You HAVE TO KNOW Donald Trump ain’t showing up, Right?
A Firehouse Strategies poll finds that 66% of Republican voters want Donald Trump to participate in the first primary debate, including an even higher 77% of his supporters in the primary.
And 71% also said it was important for candidates to sign a “loyalty pledge” to support the eventual nominee, a prerequisite to attend the debates that Trump has not completed.
Donald Trump Jr. and Kimberly Guilfoyle will attend the first GOP debate of the 2024 election cycle despite Donald Trump’s absence, the Daily Caller reports.
New York Times: “They will be watching with bated breath in hopes that the Republican candidates embrace the likely-to-be-absent Donald J. Trump, defend him over his four criminal indictments, endorse national restrictions on abortion and — in the Democrats’ dream scenario — call for cuts to Social Security and Medicare.”
“Even without Mr. Trump onstage, Democrats see the Republican White House hopefuls as avatars for what they describe as a party in thrall to its extreme elements. Nobody is rooting for the debate to go off the rails more than Democrats praying for Mr. Biden’s re-election.”
Key takeaway: “Nothing would make Democrats happier than to see Republicans embrace a national ban on abortion during a nationally televised debate.”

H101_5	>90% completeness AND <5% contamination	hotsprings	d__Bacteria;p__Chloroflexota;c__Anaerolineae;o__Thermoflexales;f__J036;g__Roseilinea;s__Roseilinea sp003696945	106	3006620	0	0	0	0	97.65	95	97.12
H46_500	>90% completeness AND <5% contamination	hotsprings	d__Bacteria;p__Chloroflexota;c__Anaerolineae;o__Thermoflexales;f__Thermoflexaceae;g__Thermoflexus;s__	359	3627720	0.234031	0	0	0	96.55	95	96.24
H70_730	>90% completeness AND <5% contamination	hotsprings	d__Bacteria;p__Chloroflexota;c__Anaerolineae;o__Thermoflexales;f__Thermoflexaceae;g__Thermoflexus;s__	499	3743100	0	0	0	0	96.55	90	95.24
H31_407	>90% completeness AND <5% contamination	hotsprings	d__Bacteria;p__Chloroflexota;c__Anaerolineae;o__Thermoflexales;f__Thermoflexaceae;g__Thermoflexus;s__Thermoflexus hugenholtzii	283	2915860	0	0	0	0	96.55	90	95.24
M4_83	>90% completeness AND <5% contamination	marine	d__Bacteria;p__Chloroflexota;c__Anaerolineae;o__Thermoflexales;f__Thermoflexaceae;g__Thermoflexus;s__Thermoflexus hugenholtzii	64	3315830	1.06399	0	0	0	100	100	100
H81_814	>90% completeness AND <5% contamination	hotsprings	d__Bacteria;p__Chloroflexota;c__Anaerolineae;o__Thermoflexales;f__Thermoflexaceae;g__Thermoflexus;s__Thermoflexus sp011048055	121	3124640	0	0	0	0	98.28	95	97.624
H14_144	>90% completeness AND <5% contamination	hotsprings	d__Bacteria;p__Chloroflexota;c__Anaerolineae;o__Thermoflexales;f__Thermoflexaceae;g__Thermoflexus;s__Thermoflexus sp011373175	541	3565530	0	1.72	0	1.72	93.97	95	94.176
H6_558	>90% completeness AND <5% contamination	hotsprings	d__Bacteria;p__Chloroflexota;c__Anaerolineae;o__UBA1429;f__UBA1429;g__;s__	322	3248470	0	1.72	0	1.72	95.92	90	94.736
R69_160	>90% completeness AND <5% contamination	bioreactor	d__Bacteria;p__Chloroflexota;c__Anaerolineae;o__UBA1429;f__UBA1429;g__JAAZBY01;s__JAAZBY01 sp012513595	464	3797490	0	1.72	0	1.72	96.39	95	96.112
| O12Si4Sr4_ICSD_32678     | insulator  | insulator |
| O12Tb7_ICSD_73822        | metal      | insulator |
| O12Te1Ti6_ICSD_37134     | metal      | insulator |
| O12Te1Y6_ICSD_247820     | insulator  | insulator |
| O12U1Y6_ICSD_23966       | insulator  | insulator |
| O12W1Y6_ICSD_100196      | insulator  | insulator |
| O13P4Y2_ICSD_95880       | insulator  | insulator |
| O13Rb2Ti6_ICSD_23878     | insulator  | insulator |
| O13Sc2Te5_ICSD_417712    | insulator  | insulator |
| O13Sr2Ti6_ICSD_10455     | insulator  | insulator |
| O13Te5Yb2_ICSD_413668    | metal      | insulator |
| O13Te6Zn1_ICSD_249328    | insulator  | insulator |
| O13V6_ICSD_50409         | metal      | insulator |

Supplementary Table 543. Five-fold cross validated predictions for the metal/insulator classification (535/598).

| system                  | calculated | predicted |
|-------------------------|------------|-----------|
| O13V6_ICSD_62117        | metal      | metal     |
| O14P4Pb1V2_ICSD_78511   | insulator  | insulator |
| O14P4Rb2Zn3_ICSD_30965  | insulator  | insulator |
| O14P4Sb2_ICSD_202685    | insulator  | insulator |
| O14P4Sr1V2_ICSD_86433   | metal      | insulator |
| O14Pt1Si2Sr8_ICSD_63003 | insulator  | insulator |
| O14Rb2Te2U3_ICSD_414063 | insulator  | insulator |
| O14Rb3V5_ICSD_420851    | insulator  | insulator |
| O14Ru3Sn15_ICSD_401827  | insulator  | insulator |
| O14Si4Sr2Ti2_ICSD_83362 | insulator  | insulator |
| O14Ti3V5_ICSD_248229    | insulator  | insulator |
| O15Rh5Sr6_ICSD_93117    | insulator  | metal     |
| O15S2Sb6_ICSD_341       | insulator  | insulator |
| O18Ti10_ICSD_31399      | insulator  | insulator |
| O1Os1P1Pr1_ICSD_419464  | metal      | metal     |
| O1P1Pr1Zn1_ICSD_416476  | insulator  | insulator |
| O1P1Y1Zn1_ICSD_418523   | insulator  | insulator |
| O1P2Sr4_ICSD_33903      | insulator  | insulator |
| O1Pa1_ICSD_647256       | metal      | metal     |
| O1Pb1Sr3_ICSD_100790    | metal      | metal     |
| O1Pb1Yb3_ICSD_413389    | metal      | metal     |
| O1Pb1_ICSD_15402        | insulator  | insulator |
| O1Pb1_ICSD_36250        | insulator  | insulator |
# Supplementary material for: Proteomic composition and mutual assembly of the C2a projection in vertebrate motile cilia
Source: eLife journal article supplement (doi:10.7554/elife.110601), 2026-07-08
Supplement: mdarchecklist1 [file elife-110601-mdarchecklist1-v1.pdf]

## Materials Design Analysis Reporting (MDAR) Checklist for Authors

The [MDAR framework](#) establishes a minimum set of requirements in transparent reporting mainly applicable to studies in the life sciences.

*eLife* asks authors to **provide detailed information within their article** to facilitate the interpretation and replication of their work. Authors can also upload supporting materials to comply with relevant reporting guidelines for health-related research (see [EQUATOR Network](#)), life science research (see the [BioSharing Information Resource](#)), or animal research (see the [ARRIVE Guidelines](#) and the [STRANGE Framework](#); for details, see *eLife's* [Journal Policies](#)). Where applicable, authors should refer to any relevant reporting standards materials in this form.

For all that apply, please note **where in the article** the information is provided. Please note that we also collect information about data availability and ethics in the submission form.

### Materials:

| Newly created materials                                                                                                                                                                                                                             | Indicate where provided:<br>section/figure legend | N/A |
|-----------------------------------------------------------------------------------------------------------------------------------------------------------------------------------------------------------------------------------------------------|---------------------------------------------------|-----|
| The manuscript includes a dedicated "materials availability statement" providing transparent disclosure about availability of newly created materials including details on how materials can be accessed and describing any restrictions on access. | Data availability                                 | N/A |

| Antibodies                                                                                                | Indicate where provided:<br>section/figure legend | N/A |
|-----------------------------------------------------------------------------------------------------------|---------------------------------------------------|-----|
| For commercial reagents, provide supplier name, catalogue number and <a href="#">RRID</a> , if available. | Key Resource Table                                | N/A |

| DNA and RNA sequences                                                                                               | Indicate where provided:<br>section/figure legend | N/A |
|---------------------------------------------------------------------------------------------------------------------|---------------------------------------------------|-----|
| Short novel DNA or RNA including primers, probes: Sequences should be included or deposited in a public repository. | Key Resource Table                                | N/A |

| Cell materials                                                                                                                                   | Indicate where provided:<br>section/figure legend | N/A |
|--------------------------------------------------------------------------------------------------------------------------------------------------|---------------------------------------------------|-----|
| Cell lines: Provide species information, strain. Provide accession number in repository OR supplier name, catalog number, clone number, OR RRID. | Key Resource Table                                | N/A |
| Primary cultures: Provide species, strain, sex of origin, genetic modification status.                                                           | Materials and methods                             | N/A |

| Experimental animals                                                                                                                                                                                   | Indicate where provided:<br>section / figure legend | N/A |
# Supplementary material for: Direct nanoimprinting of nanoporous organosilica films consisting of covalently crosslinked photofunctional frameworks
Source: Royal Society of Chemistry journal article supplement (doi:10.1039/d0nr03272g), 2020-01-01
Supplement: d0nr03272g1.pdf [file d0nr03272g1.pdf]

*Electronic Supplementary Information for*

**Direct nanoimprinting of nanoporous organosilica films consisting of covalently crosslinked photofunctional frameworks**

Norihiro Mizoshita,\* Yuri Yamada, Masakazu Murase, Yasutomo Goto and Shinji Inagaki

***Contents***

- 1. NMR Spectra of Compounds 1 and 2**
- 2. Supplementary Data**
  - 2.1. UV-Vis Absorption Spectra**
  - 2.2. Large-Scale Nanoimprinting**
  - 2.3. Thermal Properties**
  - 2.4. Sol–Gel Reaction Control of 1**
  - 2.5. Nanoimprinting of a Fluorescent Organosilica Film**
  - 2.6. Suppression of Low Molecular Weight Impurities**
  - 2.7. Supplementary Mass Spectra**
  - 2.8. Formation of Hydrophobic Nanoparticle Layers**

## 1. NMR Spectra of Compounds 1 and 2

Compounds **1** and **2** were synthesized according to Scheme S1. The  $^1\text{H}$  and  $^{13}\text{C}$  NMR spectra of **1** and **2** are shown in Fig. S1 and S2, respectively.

The situation poses a conundrum for candidates such as Florida Gov. Ron DeSantis (R) and South Carolina Sen. Tim Scott (R), who must be careful not to cross Trump’s supporters while also winning over at least a portion of them.
“If I were thinking of it as a strategic matter, I’d like to be able to emerge from this debate as the principal non-Trump alternative,” said Scott Jennings, a Republican strategist who worked on former President George W. Bush’s campaigns.
Throughout much of the 2024 race so far, the Republican candidates have largely avoided direct criticisms of Trump and been among his defenders for each of the four indictments that have been filed against him in multiple jurisdictions.
Most have echoed his arguments of a two-tiered justice system that is politically motivated in targeting him with so many in the Republican primary electorate solidly behind him, demonstrated by his consistently significant leads in the polls.
That has forced a difficult juggling act for the other candidates to try to present themselves as the future of the party without invoking Trump’s criticism or his base’s anger. Experts said that dynamic will likely continue and cause the other candidates to turn their attention toward each other in competition for taking the second spot in the polls to Trump.
“I don’t think you’re going to meaningfully degrade Trump in this debate, but you might score points on someone else or perhaps separate yourself from the rest of the rabble,” Jennings said….